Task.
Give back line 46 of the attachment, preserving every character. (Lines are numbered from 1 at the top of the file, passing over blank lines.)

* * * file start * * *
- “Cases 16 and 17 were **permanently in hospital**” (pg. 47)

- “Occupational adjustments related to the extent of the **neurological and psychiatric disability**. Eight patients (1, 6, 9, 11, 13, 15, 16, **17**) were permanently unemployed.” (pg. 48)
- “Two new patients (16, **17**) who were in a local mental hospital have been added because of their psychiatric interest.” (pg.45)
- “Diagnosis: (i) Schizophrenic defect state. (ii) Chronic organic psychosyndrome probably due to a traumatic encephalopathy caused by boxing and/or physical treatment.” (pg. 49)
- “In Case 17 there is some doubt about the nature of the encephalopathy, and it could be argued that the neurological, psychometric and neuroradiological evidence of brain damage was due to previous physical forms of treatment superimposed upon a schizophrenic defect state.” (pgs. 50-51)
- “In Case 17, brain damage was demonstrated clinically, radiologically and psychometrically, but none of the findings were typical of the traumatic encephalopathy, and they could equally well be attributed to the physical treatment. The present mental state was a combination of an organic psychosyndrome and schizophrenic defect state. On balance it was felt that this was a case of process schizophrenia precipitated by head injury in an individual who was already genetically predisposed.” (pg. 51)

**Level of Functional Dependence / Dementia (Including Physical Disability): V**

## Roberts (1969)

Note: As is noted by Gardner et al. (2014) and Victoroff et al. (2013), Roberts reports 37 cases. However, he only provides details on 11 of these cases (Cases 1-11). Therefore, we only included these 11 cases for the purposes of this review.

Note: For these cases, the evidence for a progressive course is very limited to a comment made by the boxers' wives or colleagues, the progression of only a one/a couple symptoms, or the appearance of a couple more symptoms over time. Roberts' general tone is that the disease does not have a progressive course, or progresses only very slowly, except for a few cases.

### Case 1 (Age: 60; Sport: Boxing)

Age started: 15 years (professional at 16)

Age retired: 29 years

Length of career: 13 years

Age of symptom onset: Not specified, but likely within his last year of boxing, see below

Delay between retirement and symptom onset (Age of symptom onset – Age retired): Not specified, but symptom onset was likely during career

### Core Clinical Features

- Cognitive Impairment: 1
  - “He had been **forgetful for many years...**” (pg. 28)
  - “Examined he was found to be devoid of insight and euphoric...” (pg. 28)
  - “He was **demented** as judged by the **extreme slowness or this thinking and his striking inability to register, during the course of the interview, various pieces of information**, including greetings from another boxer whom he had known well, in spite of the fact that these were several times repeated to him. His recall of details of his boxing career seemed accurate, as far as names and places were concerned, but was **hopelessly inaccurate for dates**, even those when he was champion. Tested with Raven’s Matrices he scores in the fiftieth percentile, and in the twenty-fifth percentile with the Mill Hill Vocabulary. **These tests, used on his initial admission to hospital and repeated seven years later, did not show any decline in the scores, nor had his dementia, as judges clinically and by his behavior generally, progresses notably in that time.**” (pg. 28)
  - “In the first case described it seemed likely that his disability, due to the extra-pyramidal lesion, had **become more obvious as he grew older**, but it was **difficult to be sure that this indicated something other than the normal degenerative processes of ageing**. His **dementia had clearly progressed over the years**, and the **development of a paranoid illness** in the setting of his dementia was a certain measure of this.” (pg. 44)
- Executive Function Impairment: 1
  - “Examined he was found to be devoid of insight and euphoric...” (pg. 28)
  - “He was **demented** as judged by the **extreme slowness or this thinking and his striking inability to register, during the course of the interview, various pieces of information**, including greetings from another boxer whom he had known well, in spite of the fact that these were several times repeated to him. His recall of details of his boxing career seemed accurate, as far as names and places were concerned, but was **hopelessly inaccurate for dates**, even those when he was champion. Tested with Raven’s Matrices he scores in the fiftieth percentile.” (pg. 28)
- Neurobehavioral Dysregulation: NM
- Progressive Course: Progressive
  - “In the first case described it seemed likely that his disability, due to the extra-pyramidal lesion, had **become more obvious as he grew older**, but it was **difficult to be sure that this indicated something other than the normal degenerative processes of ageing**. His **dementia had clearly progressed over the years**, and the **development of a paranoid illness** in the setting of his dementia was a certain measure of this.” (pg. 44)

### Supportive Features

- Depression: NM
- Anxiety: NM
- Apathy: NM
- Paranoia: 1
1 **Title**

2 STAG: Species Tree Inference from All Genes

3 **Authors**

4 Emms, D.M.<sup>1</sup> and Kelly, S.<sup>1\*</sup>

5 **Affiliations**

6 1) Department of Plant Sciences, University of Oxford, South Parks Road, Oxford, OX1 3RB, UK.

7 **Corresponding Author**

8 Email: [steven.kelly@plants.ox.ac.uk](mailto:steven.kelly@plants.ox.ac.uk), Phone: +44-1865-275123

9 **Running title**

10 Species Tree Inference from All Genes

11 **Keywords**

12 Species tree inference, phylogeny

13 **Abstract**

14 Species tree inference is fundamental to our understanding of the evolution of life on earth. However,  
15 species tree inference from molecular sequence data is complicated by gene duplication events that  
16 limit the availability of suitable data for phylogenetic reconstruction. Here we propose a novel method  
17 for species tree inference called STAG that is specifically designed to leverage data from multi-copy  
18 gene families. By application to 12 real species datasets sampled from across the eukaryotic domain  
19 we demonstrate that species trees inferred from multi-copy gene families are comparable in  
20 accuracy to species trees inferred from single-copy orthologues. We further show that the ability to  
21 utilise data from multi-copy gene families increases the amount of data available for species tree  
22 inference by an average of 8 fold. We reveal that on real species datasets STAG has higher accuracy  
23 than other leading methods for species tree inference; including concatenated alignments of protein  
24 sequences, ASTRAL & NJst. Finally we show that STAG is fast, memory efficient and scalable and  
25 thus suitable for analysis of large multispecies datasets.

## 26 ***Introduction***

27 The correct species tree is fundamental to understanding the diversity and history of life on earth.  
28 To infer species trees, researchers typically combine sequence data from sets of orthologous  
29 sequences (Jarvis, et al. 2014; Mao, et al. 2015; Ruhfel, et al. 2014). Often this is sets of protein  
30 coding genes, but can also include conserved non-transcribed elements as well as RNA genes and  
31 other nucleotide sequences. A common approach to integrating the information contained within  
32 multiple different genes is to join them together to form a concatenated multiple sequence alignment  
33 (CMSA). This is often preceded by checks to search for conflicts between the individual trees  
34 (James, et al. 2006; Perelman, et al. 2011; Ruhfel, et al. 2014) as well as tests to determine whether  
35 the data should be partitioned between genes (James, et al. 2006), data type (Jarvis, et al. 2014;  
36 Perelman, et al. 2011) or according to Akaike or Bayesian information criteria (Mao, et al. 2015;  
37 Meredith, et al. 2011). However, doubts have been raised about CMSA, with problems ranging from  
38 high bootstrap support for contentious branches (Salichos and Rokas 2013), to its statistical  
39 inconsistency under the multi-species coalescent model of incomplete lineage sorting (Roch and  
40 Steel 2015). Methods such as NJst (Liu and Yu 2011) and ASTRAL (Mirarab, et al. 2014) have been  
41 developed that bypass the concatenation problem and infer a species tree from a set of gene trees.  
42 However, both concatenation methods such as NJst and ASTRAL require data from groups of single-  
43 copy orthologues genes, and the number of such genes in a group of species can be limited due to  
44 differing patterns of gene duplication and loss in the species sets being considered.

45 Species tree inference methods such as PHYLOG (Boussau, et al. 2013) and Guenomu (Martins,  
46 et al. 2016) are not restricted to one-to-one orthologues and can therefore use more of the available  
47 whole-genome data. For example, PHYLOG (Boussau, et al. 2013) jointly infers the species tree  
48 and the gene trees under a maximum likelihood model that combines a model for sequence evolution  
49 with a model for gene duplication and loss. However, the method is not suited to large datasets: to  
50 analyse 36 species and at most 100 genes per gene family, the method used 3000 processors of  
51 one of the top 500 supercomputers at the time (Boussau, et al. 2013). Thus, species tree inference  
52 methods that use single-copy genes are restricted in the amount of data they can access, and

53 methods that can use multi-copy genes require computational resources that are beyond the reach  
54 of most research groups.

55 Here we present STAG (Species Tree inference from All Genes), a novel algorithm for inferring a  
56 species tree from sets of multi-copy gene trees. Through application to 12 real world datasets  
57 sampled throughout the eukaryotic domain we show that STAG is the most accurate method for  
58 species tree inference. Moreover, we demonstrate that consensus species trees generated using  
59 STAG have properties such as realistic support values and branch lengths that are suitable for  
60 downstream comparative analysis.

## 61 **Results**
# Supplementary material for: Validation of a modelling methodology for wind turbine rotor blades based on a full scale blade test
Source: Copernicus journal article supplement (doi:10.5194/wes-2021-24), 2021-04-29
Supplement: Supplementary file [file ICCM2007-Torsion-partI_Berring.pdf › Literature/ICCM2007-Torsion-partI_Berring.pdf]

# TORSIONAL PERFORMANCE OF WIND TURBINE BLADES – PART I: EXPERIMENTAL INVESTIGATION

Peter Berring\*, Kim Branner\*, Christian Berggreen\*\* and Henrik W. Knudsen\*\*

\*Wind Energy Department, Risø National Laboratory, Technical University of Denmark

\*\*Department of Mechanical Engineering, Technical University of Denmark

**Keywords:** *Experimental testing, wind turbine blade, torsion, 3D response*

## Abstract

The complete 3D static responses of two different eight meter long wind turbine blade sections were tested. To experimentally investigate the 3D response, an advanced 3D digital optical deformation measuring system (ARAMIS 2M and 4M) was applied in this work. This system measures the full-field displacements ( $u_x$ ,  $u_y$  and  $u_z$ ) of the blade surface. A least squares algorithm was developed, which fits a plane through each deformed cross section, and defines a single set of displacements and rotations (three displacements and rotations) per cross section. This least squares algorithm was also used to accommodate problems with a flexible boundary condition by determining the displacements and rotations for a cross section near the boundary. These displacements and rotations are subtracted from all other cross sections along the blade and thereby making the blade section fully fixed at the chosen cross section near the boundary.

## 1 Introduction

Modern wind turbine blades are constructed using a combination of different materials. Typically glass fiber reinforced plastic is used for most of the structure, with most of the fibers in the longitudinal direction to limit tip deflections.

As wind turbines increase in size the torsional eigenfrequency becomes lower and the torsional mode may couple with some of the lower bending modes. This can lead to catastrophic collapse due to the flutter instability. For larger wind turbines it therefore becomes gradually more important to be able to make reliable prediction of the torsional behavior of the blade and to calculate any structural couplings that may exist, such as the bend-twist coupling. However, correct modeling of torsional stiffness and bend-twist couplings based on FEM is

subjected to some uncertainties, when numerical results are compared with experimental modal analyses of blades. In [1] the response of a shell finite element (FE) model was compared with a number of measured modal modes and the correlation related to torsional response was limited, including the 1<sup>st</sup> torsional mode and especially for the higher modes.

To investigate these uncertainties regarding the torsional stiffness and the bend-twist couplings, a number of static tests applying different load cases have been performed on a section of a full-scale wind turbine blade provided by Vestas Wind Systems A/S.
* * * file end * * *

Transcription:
13 **Abstract**